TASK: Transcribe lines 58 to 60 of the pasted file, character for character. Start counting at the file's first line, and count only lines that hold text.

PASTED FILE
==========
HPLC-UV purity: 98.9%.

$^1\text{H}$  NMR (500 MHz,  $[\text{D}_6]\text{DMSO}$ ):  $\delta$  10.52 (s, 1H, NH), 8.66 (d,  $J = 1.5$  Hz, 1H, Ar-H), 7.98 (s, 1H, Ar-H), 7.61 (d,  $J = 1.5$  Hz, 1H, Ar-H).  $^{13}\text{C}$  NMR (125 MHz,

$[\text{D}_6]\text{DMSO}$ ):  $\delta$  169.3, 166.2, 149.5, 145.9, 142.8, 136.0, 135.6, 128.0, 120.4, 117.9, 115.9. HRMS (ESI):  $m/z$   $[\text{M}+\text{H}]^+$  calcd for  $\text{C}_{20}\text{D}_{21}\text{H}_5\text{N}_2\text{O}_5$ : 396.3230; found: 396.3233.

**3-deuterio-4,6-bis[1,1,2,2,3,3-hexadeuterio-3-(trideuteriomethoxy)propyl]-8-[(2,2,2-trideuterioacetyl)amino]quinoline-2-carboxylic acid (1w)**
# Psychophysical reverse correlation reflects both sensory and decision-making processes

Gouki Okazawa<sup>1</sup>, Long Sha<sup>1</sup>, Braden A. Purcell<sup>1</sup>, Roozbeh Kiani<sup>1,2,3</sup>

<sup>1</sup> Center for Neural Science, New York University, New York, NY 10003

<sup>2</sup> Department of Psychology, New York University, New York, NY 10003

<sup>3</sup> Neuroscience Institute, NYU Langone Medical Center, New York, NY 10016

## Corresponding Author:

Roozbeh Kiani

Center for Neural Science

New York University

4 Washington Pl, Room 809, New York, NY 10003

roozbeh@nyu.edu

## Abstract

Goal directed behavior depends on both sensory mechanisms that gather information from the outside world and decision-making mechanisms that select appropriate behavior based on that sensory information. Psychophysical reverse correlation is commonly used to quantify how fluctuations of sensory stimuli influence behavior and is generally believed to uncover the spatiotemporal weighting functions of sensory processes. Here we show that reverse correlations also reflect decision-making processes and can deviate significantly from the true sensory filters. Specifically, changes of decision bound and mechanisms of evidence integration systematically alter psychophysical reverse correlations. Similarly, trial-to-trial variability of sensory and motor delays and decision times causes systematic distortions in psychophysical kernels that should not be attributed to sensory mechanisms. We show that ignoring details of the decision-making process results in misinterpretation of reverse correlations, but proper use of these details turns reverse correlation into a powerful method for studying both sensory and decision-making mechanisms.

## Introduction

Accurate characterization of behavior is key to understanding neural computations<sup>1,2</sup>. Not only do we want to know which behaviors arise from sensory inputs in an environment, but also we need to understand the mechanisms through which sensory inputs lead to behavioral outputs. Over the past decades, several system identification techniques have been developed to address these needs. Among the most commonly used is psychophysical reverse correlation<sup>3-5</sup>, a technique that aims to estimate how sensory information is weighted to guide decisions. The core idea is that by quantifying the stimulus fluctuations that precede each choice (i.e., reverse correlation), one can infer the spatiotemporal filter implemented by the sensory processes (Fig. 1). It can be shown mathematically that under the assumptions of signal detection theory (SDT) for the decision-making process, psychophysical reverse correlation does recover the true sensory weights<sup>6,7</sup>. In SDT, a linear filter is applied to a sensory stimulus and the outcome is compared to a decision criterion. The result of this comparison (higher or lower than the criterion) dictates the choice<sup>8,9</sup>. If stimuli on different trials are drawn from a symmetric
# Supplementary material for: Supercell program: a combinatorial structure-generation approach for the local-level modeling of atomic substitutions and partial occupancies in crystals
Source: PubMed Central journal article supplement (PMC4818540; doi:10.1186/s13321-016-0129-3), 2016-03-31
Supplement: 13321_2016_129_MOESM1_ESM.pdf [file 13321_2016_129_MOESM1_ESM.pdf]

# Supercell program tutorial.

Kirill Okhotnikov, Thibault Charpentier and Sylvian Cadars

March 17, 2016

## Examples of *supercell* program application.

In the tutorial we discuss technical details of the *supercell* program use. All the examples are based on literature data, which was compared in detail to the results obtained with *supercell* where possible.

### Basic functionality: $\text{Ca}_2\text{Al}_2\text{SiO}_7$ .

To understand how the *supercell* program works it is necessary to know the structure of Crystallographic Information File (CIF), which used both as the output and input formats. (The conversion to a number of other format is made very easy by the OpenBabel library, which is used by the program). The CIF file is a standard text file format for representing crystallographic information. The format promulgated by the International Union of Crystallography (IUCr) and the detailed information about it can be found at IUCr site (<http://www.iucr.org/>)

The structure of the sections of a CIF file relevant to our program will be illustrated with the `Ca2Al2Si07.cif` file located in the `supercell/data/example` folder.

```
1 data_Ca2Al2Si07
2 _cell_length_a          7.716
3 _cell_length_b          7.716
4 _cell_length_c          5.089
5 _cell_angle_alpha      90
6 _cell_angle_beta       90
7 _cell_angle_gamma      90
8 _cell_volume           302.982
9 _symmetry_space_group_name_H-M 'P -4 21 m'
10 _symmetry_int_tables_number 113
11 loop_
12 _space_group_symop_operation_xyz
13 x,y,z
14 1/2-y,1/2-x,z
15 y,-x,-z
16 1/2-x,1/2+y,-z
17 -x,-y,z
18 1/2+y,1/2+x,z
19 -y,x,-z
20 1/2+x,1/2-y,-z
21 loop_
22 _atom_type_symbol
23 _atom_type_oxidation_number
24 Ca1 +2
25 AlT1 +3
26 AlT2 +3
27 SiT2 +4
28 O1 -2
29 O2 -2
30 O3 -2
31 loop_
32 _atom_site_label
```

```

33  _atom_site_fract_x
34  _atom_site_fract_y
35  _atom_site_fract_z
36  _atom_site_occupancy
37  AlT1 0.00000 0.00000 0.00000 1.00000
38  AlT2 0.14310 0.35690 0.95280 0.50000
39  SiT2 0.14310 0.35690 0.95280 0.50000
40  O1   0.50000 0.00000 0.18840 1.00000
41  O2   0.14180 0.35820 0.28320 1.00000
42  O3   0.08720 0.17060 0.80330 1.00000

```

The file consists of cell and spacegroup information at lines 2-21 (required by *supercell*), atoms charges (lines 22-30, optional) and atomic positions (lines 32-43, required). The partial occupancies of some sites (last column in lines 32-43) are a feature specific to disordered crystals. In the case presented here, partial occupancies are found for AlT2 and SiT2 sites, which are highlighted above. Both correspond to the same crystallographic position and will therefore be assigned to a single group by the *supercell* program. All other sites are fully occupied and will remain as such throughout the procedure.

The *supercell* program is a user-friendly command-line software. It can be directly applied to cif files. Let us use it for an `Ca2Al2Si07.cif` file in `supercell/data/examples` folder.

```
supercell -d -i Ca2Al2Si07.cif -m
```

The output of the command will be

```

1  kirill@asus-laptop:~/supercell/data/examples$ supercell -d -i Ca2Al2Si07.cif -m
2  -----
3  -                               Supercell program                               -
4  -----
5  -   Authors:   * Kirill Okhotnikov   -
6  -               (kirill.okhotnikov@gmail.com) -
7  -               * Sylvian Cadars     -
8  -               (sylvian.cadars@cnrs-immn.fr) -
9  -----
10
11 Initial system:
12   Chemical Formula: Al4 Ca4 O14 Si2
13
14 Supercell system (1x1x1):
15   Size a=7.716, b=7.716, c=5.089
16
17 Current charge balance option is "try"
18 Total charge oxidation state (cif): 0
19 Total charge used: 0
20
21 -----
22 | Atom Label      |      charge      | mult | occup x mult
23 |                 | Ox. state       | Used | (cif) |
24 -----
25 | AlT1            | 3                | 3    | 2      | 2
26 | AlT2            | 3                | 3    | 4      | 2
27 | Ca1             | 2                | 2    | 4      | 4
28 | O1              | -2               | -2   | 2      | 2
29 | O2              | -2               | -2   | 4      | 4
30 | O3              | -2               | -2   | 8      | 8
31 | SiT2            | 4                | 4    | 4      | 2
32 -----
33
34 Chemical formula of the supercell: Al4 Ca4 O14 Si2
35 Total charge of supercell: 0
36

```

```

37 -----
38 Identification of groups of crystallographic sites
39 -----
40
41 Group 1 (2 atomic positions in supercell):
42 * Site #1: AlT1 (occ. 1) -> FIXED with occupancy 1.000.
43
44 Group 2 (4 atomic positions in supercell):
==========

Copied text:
27 SiT2 +4
28 O1 -2
29 O2 -2